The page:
Metro Weekly

‘Dungeons and Drag Queens’ Review: Drag Me To The Underworld

Dimension 20's 'DND' tabletop series returns with some of the world's biggest drag queens entering the underworld.

Dungeons and Drag Queens -- Photo: Kate Elliott
Dungeons and Drag Queens — Photo: Kate Elliott

We’ve all heard about Dungeons and Dragons in our lives.

No matter how much or little you know, the tabletop fantasy game has been a cultural staple in America for decades now, having adapted to thrive in the internet age. DND‘s 5th edition came out in 2014, coinciding with the growth of YouTube “let’s play” gaming genre and Twitch’s live-streaming to help spawn a new age of gaming.

Critical Role, a campaign led by prominent voice actors who would live-stream their games, helped DND enter the internet age with a renowned vigor and helped lift the tabletop franchise into being more popular than ever.

Still, the appeal for the series has mostly been in the nerdy-niche subculture, giving rise to Dimension 20’s Dungeons and Drag Queens (★★★☆☆). Created and led by Brennan Lee Mulligan, the latest season, subtitled “Queens on a Quest,” sees Jujubee, Bob the Drag Queen, Monet X Change, and Alaska Thunderfuck play their first-ever DND campaign with Mulligan as Game Master, the narrator and driving force of the story.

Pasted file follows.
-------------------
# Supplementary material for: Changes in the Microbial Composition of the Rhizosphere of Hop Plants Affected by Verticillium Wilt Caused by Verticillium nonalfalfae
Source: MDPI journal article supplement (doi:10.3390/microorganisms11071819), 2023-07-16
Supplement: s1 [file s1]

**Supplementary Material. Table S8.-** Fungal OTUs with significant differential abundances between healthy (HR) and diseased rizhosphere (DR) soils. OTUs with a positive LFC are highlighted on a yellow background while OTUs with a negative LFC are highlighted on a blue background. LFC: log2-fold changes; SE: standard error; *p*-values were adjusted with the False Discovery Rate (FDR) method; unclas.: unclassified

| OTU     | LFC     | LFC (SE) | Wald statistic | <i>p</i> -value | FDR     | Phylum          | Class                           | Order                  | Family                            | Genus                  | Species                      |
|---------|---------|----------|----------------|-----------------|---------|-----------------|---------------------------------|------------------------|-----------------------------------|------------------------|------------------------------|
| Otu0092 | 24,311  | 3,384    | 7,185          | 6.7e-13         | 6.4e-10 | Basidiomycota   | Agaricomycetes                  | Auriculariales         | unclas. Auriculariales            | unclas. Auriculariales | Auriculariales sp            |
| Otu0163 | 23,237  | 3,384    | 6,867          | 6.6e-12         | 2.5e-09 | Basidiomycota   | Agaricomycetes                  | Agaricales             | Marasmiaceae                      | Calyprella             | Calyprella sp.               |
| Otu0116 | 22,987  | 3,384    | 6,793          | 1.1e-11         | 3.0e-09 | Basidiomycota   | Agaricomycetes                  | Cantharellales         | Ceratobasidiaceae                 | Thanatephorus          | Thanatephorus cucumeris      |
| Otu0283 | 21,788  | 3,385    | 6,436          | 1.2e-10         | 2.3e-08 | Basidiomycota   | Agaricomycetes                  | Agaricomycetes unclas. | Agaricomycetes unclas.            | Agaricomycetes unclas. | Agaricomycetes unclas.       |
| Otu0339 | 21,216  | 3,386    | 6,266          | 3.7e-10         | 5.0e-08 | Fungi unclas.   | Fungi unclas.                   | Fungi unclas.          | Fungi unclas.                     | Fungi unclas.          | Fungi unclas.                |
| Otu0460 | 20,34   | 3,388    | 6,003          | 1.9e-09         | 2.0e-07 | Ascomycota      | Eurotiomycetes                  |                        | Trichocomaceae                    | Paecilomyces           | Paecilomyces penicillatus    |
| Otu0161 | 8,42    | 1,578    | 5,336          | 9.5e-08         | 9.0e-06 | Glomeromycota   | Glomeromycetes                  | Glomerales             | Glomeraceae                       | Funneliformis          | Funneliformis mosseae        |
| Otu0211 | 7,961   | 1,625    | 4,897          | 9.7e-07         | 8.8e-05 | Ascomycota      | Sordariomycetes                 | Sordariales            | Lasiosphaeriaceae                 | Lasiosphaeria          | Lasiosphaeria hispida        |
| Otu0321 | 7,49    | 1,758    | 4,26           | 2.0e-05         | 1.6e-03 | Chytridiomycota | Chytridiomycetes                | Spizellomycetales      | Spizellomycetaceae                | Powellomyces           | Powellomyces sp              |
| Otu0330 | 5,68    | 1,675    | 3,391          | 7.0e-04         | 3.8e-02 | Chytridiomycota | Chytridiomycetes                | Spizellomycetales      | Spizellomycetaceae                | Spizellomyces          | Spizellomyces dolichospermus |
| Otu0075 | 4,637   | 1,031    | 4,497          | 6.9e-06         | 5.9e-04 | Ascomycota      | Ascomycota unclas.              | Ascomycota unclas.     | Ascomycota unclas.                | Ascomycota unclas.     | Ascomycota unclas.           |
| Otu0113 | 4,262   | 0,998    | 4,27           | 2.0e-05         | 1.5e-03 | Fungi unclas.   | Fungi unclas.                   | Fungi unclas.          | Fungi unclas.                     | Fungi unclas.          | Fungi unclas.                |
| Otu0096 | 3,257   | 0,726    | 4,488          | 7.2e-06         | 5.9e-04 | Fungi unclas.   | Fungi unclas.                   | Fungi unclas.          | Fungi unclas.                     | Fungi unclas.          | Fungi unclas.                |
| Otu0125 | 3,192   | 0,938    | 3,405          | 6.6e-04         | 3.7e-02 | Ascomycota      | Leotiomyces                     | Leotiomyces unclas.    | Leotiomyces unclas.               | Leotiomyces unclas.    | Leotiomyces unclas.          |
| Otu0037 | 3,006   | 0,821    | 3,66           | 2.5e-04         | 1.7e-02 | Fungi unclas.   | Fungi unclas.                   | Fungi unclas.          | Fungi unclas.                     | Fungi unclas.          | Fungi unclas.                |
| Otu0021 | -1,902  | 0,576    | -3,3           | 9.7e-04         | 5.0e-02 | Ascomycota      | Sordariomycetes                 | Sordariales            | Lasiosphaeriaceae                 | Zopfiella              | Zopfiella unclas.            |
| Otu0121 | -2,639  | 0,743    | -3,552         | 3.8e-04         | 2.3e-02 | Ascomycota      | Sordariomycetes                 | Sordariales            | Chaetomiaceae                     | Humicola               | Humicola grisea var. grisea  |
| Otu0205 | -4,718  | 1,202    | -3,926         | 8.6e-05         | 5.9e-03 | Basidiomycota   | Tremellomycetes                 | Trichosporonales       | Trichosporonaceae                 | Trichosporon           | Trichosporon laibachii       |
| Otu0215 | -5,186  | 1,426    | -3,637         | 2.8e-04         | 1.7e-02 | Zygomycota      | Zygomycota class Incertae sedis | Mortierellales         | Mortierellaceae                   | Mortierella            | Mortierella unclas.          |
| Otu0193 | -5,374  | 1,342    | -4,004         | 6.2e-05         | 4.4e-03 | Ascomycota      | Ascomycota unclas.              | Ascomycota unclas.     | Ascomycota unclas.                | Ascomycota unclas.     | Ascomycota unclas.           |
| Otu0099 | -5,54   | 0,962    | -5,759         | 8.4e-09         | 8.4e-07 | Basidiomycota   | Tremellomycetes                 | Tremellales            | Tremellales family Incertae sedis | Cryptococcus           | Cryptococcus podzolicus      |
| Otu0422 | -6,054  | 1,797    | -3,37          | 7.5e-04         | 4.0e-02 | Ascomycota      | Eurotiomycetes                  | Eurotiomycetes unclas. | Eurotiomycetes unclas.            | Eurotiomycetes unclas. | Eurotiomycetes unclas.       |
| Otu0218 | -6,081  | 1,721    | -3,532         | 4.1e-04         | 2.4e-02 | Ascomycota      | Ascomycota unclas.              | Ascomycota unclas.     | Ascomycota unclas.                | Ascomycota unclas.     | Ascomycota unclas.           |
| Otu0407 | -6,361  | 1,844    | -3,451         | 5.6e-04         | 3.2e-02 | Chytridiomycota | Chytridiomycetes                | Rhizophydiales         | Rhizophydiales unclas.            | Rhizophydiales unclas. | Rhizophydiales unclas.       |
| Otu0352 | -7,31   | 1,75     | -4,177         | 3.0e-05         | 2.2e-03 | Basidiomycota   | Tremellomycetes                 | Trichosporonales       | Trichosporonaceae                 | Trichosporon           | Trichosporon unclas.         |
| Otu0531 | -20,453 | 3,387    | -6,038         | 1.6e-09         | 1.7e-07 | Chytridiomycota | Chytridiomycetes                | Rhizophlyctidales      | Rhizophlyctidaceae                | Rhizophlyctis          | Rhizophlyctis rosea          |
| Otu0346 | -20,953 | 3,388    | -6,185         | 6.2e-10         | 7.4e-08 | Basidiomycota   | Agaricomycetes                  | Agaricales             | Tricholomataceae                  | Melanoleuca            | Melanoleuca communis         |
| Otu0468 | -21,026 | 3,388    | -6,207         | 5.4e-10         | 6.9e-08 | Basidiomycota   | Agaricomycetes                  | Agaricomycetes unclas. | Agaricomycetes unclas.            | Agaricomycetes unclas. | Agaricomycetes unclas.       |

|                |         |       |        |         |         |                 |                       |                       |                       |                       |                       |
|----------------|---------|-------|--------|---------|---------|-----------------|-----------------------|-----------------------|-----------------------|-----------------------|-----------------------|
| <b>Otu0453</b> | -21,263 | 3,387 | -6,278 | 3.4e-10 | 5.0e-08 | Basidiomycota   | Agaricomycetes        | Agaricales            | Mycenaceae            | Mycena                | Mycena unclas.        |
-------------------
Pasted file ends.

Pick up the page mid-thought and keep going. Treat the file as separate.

While Dimension 20 made a name for its queerness from the start of its shows, this is the first time a season has had people who have never played the game before.

The adventure starts with 40 minutes of backstory, as Mulligan gives each queen a moment to let us know who they will portray. We start with Monet as Troyann, a merfolk assassin with a wild family, before meeting Jujubee as Twyla, a fairy who thinks she can turn invisible, Bob as Gertrude, a witch on the run, and Alaska as Princess, an 8-foot-tall orc wearing a pink tutu seeking vengeance.

After learning how they all came to meet, they’re finally allowed to get to the core of the campaign and improv/work their way through the game, the overall goal being to find a great treasure in the underworld.

Dungeons and Drag Queens -- Photo: Kate Elliott
Dungeons and Drag Queens — Photo: Kate Elliott